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Monday, January 18, 2010

Keeping Score

Perhaps some of you saw this article about a nurse who took on the IRS and won.

She took on the IRS regarding her claims that her MBA costs were deductible. She won!

I like the fact that she was able to take on the IRS by herself and win!

She did it by checking the facts, reading the fine print and being anal retentive and sticking to her guns and goals!

Education loans and expenses are one of the two types of debt that I can accept as being OK to keep.
The other is housing.

Both can be tax deductible.
Both are also considered, in my mind, investments and can lead to more opportunity and potential earnings.

When it comes to debt it is important that you keep a few things in mind.

First, A Budget!

You can't do anything if you don't have one.

Second, Just as with a budget, set goals for either staying out of credit card debt or goals to get out of debt. And stick to them!

Third, Keep Score. Track your credit report and score.

A credit score is a basis for determining or rating or your risk for assuming debt based on your credit history.

The score is based on certain factors, including payment history, the amounts you owe and the types of credit you've obtained.

Personal information like income, occupation, age and marital status are not considered.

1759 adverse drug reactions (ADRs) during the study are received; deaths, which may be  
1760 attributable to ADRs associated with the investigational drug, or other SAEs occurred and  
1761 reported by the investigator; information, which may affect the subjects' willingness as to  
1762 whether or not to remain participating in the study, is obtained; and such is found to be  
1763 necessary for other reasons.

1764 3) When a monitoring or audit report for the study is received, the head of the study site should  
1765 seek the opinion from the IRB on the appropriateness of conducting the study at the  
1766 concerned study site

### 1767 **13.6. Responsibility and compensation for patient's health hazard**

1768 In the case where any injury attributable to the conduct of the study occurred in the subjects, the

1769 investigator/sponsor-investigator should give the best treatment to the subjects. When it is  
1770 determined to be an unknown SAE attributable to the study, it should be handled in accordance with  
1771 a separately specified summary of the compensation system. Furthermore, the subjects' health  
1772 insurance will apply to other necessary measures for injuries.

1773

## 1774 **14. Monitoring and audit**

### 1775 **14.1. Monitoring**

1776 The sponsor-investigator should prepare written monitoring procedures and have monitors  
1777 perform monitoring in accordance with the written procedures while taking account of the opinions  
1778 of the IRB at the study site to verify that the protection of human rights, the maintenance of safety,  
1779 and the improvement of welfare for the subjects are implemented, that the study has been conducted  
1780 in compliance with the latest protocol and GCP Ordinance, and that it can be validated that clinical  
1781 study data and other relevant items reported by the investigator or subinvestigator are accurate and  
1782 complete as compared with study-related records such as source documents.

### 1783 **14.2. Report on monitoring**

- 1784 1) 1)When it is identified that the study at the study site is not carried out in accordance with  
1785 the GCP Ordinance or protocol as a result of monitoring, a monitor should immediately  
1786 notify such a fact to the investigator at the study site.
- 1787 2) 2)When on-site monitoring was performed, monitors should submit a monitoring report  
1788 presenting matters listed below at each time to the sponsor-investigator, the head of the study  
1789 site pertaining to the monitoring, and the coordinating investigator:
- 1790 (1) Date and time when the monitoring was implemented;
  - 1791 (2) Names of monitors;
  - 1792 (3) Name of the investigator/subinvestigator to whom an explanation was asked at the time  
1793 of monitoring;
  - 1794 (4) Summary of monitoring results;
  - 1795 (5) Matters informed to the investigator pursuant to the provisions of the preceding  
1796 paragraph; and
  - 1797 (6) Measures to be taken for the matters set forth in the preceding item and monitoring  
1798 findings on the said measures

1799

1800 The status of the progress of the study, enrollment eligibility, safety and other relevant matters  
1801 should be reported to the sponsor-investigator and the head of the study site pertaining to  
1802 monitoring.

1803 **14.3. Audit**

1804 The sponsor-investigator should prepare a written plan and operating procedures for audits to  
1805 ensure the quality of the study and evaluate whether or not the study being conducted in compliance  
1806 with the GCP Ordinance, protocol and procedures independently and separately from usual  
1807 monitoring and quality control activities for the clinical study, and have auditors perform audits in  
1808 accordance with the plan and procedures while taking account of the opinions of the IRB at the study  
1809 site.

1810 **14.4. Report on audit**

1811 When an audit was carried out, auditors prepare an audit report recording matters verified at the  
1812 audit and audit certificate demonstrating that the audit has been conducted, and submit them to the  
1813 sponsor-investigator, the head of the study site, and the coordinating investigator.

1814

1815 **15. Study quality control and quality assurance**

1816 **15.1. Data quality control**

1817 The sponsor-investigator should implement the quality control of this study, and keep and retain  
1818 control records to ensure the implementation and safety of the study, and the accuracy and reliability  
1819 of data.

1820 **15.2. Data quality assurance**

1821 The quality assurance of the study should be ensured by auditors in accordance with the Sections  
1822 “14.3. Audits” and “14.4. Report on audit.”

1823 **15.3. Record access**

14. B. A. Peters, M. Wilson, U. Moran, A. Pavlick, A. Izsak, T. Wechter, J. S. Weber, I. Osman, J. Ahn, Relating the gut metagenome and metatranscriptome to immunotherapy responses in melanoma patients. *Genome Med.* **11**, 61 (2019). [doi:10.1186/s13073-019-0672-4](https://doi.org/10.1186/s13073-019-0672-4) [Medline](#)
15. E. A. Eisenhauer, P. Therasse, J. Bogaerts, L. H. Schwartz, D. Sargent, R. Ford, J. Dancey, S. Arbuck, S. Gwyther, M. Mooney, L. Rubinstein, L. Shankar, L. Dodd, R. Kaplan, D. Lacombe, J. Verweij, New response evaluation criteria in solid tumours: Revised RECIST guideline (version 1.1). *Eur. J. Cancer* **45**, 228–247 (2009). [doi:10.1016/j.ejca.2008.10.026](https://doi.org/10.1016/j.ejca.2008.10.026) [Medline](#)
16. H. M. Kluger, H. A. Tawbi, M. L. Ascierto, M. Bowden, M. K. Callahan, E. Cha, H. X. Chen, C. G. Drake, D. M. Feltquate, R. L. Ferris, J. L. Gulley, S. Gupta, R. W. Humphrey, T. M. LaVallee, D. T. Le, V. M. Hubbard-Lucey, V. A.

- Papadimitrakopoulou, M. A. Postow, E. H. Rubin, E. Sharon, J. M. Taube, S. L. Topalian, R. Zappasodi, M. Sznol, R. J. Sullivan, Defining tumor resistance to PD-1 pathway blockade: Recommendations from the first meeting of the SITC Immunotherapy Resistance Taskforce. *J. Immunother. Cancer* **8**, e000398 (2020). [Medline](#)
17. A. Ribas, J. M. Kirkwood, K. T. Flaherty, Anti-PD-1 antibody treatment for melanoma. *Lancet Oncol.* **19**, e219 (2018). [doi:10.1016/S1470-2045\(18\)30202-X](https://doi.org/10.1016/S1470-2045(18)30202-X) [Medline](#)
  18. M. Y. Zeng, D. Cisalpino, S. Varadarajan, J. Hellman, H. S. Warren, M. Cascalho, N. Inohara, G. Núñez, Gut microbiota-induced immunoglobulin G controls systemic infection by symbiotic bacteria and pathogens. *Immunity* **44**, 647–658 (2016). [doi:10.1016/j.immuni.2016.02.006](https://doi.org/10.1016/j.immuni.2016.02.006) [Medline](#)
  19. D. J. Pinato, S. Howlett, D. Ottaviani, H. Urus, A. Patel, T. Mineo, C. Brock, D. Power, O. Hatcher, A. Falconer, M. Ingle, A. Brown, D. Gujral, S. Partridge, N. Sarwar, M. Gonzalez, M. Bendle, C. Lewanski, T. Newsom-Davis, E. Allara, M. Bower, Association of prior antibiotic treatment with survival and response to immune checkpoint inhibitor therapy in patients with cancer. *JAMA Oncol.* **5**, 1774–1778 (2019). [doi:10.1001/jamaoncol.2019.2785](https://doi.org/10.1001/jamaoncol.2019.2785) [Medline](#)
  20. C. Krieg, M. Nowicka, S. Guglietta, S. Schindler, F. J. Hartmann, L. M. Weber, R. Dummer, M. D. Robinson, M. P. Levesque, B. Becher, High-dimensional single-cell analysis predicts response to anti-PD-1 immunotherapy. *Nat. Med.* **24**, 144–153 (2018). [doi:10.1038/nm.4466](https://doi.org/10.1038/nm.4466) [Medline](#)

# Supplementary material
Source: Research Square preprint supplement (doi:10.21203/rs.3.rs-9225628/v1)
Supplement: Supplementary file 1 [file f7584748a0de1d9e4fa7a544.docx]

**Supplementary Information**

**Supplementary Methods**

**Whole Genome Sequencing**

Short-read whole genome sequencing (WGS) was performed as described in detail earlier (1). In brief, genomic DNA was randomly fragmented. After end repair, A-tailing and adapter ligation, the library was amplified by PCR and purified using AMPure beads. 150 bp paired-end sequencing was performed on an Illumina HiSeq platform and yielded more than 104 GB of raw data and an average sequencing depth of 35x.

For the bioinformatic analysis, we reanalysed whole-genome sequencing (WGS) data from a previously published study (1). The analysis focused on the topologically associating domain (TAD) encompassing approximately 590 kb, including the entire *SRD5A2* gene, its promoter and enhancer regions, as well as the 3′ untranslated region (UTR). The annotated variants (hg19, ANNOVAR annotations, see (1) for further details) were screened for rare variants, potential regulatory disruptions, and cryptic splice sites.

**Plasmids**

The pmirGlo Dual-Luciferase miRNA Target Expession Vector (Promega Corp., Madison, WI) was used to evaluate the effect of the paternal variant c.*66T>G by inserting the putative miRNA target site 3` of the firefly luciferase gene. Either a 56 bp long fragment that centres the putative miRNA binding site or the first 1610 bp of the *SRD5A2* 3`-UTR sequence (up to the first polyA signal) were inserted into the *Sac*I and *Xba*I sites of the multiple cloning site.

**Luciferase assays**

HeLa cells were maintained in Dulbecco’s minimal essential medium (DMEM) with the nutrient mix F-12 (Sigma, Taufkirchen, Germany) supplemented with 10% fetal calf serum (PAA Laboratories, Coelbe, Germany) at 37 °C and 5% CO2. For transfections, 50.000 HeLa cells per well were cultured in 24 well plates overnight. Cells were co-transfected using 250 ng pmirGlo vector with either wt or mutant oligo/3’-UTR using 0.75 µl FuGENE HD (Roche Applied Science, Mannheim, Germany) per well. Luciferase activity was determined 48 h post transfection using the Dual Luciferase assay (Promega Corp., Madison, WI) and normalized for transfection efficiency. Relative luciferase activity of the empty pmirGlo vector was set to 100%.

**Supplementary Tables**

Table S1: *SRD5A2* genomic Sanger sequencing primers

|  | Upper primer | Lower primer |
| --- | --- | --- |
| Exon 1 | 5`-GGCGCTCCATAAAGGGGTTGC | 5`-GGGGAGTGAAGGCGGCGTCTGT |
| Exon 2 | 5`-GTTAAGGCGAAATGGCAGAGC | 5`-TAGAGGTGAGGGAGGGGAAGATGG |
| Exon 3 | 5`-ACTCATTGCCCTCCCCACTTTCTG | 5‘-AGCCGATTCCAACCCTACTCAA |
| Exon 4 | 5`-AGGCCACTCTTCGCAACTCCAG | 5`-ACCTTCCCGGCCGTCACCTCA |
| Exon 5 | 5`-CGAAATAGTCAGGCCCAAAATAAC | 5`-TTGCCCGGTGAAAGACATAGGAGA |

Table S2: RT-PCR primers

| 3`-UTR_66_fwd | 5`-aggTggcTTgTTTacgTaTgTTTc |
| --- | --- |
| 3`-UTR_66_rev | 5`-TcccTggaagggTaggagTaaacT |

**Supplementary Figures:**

Everyone is entitled to one free credit report per year. This report shows everything the credit bureaus use to come up with your score.

NOTE: The only official site to go through all three major credit bureaus is

A credit report will also give you another means of protecting yourself against fraud and suspicious use of your credit and finances.

Check out my post about the Identity Theft Game

If you do an Internet search for free credit report or score, you will get way too many scams listed in your search results.

Having lots of available credit is good. Good for emergencies, purchasing power, obtaining loans and lower rates on said loans, and good for your credit score.

This is where some people first get confused about debt and credit cards.

Debt is bad.

Credit cards are good.

They can:
- Earn you rewards which can be used for other purchases, plane tickets and even vacations.
- Allow you to pay bills on time, even automatically. (this is important)
- Protect against identity theft, and fraudulent activity. (important too)
- Help resolve disputes with vendors and merchants.
- Purchase protection.
- Interest free loans. (if you pay bills in full and on time each month)
- And last but certainly not least – Improve your credit score!

Of course, it is also recommended that you pay off any credit card debt each month, or at least as soon as possible.

Here’s why.

Let's say I give you a penny today, and promise to double the amount every day for a full month. How much money would I be giving you on the 30th day?
The answer: over $5 million. Check it out:

It all adds up

Lets call this my compounded interest game!